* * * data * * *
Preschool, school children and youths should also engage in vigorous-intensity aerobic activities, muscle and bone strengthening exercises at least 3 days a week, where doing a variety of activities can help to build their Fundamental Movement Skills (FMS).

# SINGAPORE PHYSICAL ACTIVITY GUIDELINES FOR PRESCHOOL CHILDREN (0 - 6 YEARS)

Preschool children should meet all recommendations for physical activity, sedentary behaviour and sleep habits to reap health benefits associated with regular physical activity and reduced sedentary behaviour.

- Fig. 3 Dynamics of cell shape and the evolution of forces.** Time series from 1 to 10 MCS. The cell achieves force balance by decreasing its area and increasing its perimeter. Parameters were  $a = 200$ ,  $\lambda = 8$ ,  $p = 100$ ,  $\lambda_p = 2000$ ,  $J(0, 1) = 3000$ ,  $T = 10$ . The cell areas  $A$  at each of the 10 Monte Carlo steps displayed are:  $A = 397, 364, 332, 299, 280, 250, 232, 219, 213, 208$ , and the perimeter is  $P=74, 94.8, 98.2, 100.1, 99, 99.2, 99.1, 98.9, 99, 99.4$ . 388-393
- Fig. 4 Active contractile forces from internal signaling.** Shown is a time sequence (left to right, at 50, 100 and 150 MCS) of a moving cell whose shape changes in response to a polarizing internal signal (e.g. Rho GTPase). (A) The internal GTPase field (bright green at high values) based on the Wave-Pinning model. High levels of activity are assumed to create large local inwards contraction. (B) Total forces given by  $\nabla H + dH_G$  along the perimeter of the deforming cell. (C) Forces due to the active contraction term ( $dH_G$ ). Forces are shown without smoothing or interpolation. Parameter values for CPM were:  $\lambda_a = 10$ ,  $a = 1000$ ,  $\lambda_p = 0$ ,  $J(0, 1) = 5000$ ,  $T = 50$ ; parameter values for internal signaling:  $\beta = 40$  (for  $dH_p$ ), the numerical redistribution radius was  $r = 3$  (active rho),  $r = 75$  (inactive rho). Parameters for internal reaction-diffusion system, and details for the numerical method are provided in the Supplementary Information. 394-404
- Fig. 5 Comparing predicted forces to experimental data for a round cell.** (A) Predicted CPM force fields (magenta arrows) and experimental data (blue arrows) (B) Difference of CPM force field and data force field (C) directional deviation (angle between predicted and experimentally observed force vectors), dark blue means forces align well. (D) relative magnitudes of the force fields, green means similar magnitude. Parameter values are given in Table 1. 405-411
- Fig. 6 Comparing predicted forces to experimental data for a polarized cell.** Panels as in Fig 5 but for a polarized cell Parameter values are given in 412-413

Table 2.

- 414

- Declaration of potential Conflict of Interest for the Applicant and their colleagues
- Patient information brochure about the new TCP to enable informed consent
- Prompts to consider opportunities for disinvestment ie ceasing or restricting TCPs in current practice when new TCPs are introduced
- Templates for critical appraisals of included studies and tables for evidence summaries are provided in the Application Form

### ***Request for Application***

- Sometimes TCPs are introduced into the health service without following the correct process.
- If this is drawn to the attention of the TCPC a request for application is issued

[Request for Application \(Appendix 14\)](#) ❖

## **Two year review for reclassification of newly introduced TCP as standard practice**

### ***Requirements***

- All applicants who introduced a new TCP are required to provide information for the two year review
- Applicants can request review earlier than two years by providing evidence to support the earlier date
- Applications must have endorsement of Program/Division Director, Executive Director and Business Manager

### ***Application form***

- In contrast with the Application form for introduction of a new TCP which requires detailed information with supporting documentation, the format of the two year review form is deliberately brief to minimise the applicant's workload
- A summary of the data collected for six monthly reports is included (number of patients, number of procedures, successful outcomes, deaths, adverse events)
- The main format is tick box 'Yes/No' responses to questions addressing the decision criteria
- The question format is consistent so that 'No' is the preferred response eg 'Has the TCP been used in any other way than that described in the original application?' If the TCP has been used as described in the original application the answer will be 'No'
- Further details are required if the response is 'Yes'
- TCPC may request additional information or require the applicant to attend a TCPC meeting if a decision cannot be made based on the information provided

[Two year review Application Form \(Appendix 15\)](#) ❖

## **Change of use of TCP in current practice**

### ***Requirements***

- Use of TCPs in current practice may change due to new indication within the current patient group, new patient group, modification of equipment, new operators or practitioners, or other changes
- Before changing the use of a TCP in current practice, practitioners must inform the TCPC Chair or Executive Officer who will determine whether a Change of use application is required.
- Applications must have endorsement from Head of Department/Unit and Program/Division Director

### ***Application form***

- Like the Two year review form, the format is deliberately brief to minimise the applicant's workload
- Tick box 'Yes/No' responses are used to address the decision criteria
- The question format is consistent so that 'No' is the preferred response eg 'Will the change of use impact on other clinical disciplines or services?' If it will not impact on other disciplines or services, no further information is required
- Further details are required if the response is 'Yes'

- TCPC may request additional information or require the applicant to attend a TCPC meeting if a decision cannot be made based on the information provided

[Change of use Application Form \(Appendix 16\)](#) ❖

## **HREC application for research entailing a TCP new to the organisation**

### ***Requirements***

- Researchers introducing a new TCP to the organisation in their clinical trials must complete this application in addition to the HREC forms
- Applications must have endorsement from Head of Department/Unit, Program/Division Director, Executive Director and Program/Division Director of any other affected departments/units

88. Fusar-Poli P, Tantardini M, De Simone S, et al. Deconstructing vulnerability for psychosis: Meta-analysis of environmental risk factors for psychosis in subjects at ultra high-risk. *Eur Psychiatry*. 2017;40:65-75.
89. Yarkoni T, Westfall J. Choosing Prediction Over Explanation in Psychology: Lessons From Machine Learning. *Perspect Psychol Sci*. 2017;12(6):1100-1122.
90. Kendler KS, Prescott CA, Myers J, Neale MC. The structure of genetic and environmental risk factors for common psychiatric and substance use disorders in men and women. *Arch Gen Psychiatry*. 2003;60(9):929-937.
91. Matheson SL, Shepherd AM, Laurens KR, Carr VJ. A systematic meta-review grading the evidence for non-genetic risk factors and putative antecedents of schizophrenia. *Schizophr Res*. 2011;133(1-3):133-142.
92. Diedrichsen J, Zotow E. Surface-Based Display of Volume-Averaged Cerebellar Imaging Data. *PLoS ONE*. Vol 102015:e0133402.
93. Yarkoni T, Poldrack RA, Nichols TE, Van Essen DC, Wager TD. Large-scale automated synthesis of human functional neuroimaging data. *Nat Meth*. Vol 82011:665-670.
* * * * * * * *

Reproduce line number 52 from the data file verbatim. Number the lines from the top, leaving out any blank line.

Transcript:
93. Yarkoni T, Poldrack RA, Nichols TE, Van Essen DC, Wager TD. Large-scale automated synthesis of human functional neuroimaging data. *Nat Meth*. Vol 82011:665-670.